Justice Smith is also a great personality, and helps ground the audience who aren’t on board with Pokémon. He has certainly shrugged off whatever nonsense was happening in Jurassic World: Fallen Kingdom! His character has lost a lot, and lives in reluctant solitude, barely accepting the existence of Pokémon in a world where virtually everyone has a “partner” Pokémon. We are introduced very early on that this film is not about “becoming the very best Pokémon trainer”, we are also introduced to the fact that Pokémon are everywhere.
It is a very visually rich movie. Our characters inhabit Ryme City, a new location for the franchise, and one that humans and Pokémon live together in harmony. That’s right, no battles, no tournaments, no trainers (the script specifically states). So begins our trip into a murder mystery comedy, with a select few monsters making appearances, with either cinematic heft and nostalgia in mind. These creatures are adorably and beautifully rendered into the world with some great computer generated effects. There isn’t one scene where the bright and colourful set lighting isn’t being used to dynamically show off these creatures. Even as a “non-fan”, the Bulbasaurs wereadorable. Even one of the franchise’s most unsettling of creatures, Mr. Mime, has one of the best and funniest scenes. It makes sense too, since Nintendo creators were supervising the design work and representation of the creatures, even on set. The attention to detail was staggering; plenty for fans to see and admire, the shots are bursting at the seams with silent, background references.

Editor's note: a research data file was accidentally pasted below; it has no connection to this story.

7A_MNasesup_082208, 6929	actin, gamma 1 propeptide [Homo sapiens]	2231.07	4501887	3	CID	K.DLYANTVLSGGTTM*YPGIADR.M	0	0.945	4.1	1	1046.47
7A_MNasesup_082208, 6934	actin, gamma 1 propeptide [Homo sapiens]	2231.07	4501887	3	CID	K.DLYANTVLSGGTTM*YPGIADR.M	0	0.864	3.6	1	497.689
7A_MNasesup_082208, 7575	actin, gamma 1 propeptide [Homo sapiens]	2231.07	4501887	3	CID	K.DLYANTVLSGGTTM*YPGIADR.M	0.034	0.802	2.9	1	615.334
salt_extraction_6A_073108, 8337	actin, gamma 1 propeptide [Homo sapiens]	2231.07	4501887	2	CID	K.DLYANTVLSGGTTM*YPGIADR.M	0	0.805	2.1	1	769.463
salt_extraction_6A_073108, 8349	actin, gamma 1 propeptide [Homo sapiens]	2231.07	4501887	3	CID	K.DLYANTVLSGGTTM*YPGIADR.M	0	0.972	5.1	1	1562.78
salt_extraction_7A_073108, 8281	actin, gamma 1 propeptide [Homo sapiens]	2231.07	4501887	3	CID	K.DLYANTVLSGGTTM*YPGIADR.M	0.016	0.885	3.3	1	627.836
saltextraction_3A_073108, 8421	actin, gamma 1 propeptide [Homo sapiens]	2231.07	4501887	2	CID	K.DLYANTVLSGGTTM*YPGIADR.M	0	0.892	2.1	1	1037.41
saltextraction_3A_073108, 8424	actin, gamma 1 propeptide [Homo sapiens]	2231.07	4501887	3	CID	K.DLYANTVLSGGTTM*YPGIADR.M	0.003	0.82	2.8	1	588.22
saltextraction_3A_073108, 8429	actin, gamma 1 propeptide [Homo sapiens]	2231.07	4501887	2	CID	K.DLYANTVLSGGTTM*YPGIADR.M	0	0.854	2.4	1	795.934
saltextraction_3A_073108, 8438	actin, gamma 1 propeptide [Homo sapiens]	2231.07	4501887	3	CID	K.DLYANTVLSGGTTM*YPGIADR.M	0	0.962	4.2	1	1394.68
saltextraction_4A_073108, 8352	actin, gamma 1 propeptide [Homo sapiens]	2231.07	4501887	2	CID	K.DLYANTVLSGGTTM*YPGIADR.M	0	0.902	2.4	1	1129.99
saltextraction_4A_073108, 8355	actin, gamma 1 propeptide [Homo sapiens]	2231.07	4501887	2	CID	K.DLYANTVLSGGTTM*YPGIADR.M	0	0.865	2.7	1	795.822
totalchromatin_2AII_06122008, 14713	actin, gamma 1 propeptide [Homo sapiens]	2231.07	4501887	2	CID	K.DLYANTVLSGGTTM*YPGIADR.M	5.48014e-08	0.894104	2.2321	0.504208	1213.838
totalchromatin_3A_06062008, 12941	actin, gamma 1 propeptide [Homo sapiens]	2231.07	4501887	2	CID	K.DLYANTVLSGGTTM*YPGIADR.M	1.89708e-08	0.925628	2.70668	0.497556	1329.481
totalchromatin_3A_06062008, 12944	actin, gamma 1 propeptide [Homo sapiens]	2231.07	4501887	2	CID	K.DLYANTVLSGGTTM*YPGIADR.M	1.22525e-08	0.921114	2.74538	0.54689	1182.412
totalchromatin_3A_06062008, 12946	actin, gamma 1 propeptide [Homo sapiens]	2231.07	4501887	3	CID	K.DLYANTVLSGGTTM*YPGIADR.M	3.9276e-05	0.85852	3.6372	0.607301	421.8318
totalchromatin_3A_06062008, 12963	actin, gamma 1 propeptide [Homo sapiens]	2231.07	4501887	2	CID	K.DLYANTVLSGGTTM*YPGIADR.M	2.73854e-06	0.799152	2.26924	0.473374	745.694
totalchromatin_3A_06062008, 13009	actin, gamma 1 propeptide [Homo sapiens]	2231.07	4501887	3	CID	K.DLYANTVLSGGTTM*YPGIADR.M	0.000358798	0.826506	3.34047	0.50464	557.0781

That is perhaps another strong element; the references and jargon are there, but they aren’t crucial to understanding the story.
Fifty Pokémon out of eight-hundred might seem light, especially for a massive urban setting, but for what is a very unusual movie, without much guarantee of success, limiting your budget on a few monsters is likely the best option. The plot itself is fairly silly, and doesn’t lend itself too heavily into the investigative caper tropes; preferring to bounce our characters from one crazy set piece to another, dropping huge exposition dumps with convenient hologram-reconstructions as “clues”. There were a couple of moments where the plot lost me; one too many conveniences, edits between scenes. These are relatively minor. More time is spent selling the world and the characters than telling a compelling mystery. Our villains are a suitably cartoonish, Saturday morning fare, and there is a great little twist at the end.
The film is a great little piece of entertainment. It is also insular, which was rewarding to see. There’s no apparent master plan at work for a expanded Pokémon movie-verse. Which considering today’s cinema, the franchise’s history, and Warner Brothers involvement, is a staggering surprise!
It will make you laugh, it might even make you sad. It has a surprisingly mellow undercurrent with its characters despite the crazy antics it employs otherwise. But most importantly it can win over fans and non-fans, young and old, alike.